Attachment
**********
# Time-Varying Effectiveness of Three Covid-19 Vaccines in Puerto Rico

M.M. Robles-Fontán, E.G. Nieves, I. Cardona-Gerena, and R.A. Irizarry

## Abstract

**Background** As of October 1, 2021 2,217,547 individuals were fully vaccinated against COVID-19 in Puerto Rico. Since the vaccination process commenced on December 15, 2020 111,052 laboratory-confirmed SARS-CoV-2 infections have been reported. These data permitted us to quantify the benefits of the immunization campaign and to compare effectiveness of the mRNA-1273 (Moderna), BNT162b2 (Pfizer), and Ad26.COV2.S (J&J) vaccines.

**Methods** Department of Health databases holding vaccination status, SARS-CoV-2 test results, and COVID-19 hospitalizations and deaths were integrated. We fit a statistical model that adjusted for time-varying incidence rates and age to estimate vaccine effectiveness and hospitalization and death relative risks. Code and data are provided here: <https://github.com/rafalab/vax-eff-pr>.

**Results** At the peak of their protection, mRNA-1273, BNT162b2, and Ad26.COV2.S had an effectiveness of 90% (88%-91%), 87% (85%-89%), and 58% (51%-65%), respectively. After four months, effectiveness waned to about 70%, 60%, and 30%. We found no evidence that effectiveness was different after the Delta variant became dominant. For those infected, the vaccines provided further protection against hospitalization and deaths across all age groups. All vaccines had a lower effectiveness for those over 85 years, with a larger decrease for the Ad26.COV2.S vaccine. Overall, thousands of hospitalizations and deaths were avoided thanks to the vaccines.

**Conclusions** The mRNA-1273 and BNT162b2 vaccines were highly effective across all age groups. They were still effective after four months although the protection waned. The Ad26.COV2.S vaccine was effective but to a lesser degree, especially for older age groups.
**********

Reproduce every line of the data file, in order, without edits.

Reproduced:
# Time-Varying Effectiveness of Three Covid-19 Vaccines in Puerto Rico

M.M. Robles-Fontán, E.G. Nieves, I. Cardona-Gerena, and R.A. Irizarry

## Abstract

**Background** As of October 1, 2021 2,217,547 individuals were fully vaccinated against COVID-19 in Puerto Rico. Since the vaccination process commenced on December 15, 2020 111,052 laboratory-confirmed SARS-CoV-2 infections have been reported. These data permitted us to quantify the benefits of the immunization campaign and to compare effectiveness of the mRNA-1273 (Moderna), BNT162b2 (Pfizer), and Ad26.COV2.S (J&J) vaccines.

**Methods** Department of Health databases holding vaccination status, SARS-CoV-2 test results, and COVID-19 hospitalizations and deaths were integrated. We fit a statistical model that adjusted for time-varying incidence rates and age to estimate vaccine effectiveness and hospitalization and death relative risks. Code and data are provided here: <https://github.com/rafalab/vax-eff-pr>.

**Results** At the peak of their protection, mRNA-1273, BNT162b2, and Ad26.COV2.S had an effectiveness of 90% (88%-91%), 87% (85%-89%), and 58% (51%-65%), respectively. After four months, effectiveness waned to about 70%, 60%, and 30%. We found no evidence that effectiveness was different after the Delta variant became dominant. For those infected, the vaccines provided further protection against hospitalization and deaths across all age groups. All vaccines had a lower effectiveness for those over 85 years, with a larger decrease for the Ad26.COV2.S vaccine. Overall, thousands of hospitalizations and deaths were avoided thanks to the vaccines.

**Conclusions** The mRNA-1273 and BNT162b2 vaccines were highly effective across all age groups. They were still effective after four months although the protection waned. The Ad26.COV2.S vaccine was effective but to a lesser degree, especially for older age groups.